The bonus projections of life insurance policies are not guaranteed. They depend on the future investment yield earned by the insurance company.
Long, long ago, the bonuses were distributed yearly to the policyholders based on sound actuarial principles. During the old days, you can trust the bonuses are computed fairly, and reflect the underlying economic conditions.
In the early 1990s, life insurance companies in Singapore started to "manipulate" the bonuses. They pay lower bonuses during the earlier years and jacked-up bonuses from age 60 or 65. The policy appears to give a good yield for the long term. As these bonuses are not guaranteed, the policyholder has to wait for a long time to find out if the higher bonuses will be paid. (In many cases, the actual bonuses paid were lower).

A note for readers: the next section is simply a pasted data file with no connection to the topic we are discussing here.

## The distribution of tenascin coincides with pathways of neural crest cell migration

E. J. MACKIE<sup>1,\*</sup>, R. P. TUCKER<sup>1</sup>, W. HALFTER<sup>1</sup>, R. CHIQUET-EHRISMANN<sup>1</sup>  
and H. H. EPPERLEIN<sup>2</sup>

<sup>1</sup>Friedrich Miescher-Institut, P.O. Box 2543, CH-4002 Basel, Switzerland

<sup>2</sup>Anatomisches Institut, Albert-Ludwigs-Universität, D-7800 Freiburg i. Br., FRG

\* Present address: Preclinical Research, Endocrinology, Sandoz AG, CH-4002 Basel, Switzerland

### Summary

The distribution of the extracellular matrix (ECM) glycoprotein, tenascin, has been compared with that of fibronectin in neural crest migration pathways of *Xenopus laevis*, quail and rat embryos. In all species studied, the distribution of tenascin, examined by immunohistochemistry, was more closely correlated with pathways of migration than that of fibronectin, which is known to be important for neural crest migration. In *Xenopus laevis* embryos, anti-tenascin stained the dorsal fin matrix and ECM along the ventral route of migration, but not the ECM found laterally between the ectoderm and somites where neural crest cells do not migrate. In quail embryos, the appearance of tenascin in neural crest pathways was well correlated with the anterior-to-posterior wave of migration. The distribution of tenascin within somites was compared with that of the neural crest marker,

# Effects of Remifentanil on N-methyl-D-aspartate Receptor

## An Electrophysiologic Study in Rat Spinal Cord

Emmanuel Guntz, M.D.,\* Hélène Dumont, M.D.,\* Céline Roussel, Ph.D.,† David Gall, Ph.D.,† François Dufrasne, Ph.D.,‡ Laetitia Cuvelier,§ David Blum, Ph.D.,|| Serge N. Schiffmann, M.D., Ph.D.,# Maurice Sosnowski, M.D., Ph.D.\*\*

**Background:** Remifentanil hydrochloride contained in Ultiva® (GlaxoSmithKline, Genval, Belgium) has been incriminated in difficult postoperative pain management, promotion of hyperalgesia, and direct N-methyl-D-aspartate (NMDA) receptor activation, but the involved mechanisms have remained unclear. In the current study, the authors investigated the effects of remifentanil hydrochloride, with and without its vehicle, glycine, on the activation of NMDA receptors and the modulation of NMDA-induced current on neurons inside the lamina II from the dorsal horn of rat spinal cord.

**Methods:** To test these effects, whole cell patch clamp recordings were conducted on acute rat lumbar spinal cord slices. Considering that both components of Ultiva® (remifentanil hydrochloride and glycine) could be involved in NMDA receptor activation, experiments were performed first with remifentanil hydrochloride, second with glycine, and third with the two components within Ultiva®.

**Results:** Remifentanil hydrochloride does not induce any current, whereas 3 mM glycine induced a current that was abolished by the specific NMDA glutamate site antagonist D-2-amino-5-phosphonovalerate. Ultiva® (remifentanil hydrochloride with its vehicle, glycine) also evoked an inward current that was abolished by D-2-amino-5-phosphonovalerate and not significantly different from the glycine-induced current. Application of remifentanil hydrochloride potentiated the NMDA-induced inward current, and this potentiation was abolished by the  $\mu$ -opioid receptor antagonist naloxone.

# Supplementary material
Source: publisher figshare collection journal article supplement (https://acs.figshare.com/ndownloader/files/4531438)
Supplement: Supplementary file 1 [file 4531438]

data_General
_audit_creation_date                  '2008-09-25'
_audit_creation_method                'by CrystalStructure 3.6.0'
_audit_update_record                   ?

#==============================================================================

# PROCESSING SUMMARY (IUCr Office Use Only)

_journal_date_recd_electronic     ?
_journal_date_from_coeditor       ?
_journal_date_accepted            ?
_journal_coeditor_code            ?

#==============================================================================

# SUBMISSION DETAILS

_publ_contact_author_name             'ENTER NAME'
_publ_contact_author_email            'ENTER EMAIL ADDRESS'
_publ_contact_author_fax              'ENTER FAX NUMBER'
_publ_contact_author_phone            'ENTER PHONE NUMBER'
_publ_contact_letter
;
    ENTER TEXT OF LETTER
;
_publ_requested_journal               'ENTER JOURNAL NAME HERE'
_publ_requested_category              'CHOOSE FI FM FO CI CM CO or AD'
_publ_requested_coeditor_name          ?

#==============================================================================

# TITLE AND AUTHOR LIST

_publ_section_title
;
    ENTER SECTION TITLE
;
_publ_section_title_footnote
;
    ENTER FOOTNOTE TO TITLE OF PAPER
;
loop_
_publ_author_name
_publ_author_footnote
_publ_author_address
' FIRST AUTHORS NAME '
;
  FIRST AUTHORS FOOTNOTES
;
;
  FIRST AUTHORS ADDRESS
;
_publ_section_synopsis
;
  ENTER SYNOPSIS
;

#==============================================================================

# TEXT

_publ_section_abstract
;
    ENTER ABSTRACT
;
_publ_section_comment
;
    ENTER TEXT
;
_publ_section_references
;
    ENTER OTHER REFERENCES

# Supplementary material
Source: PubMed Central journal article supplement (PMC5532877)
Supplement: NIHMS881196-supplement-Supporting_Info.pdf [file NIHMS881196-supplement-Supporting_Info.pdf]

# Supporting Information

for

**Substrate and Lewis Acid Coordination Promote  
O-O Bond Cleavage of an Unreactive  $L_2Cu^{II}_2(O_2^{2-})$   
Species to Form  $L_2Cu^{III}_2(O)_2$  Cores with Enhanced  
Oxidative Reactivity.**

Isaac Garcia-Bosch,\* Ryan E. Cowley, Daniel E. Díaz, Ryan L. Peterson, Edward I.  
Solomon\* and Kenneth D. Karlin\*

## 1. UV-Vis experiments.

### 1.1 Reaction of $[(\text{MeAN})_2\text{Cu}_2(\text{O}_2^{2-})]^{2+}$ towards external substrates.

Many policies were sold on the basis of these projections. Insurance agents used the bonus projections to sell the concept that the policyholder can stop paying premiums after a certain number of years, called the "critical year". In many cases, the policyholders had to pay the premium for many years more than the projected "critical year". This affected many tens of thousands of policyholders.
I used the term "manipulated" because the bonuses do not reflect the real yield on the investments during the years. There is lack of clarity of the principles on which the bonuses were calculated.
These bonus projections are used to hide the high cost of marketing the life insurance products, which reduces the yield of the policy considerably. The effective yield is less than 2% in most cases, lower than the future rate of inflation. The policyholder is guaranteed to lose out on buying a life insurance policy.
Lesson: Do not trust this type of haphazard bonus projection. Do not trust insurance companies that offer these type of "manipulated" products.
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